U.S. Department of Justice, Office Of Justice Programs, Innovation - Partnerships - Safer Neighborhoods
Office of Juvenile Justice and Delinquency Prevention, Working for Youth Justice and Safety
OJJDP Statistical Briefing Book logo jump over products navigation bar
OJJDP Statistical Briefing Book logoAbout SSBFrequently Asked QuestionsPublicationsData Analysis ToolsNational Data SetsOther ResourcesAsk a Question
Juvenile Population Characteristics
Juveniles as Victims
Juveniles as Offenders
Juvenile Justice System Structure & Process
Overview
Related FAQs
Related Publications
Related Links
Case Flow Diagram
Law Enforcement & Juvenile Crime
Juveniles in Court
Juveniles on Probation
Juveniles in Corrections
Juvenile Reentry & Aftercare
Statistical Briefing Book Home

OJJDP logo

Printer-priendlyPrinter-friendly
Juveniled Justice System Structure & Process
Jurisdictional Boundaries
Q: Are delinquency hearings confidential?
A: In most states, delinquency hearings are open contingent on judicial discretion or age/offense restrictions.

Confidentiality of juvenile delinquency hearings, 2011

State Open with specified
age/offense restrictions
Presumptively open* Presumptively closed Open with no restrictions

Number of states 20 15 13 3

Alabama X
Alaska X
Arizona X

Arkansas X
California X
Colorado X

Connecticut X
Delaware X
District of Columbia X

Florida X
Georgia X
Hawaii X

Idaho X
Illinois X
Indiana X

Iowa X
Kansas X
Kentucky X

Louisiana X
Maine X
Maryland X

Massachusetts X
Michigan X
Minnesota X

Mississippi X
Missouri X
Montana X

Nebraska X
Nevada X
New Hampshire X

New Jersey X
New Mexico X
New York X

North Carolina X
North Dakota X
Ohio X

Oklahoma X
Oregon X
Pennsylvania X

Rhode Island X
South Carolina X
South Dakota X

Tennessee X
Texas X
Utah X

Vermont X
Virginia X
Washington X

West Virginia X
Wisconsin X
Wyoming X

Notes: Table information is as of the end of the 2011 legislative session.
*For presumptively open hearings, the judge has discretion to close the hearing on a good showing.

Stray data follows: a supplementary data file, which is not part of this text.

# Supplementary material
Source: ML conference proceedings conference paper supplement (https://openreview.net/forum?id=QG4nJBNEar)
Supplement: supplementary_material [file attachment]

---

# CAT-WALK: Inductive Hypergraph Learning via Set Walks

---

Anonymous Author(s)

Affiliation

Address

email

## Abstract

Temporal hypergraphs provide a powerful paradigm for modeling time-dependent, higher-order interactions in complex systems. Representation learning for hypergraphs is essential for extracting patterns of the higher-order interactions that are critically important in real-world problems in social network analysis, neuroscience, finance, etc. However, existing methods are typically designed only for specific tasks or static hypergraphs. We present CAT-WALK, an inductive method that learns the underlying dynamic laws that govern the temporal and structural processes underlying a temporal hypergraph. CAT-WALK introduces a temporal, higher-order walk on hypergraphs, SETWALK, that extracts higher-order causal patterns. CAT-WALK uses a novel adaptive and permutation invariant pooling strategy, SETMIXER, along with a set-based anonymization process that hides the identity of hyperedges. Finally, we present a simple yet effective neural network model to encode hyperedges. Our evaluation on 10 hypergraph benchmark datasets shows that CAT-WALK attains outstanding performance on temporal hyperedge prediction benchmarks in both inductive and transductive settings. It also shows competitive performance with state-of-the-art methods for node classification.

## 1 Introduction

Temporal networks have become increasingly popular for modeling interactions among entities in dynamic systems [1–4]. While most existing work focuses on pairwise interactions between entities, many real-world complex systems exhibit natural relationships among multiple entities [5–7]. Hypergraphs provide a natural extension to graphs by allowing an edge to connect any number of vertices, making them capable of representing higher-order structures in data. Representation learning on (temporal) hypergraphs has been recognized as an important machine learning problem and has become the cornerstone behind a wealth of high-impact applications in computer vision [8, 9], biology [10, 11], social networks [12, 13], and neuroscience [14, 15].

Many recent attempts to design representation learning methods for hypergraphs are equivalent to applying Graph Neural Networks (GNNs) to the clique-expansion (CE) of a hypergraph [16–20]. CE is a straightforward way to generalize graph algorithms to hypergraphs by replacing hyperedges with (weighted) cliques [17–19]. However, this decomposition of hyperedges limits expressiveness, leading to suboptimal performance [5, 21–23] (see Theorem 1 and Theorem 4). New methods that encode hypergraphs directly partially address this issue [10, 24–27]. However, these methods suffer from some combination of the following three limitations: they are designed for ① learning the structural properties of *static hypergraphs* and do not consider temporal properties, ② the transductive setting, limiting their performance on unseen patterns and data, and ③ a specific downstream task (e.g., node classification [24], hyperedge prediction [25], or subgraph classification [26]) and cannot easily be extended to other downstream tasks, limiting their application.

• In 20 jurisdictions, juvenile delinquency hearings are open with specified age and offense restrictions that may act to close or open hearings. For example, in Delaware, all proceedings before the Family Court are private except for those the court considers in the public interest; proceedings in a felony case are always open to the public as well as class A misdemeanors for juveniles between 13 and 17.
  • In 15 jurisdictions, juvenile delinquency hearings are presumptively open and a judge has discretion to close them on a good showing. For example, in Colorado, the general public is only excluded from a hearing if the court determines it is in the best interest of the child or the community to close the hearings and allow only those with an interest in the case to attend.
  • In 3 jurisdictions - Arkansas, Nebraska and Oregon - juvenile delinquency hearings are open with no restrictions.
  • In 13 jurisdictions, juvenile delinquency hearings are presumptively closed. For example, in Alabama, the general public is excluded from delinquency hearings and only the parties, their attorneys, witnesses and other persons requested by a party are admitted.

Internet citation: OJJDP Statistical Briefing Book. Online. Available: http://www.ojjdp.gov/ojstatbb/structure_process/qa04125.asp?qaDate=2011. Released on April 25, 2013.

Developed for the State Training and Technical Assistance Center by the National Center for Juvenile Justice (NCJJ), with funding from the Office of Juvenile Justice and Delinquency Prevention (OJJDP), Office of Justice Programs, U.S. Department of Justice. The following NCJJ staff contributed to this state profile: Sean Addie, Teri Deal, Anne Fromknecht, Hunter Hurst, Anne Rackow, Crystal Robson, Lauren Vessels, and Andrew Wachter.

 

USA.gov | Privacy | Policies & Disclaimers | FOIA | Site Map | Ask a Question | OJJDP Home
A component of the Office of Justice Programs, U.S. Department of Justice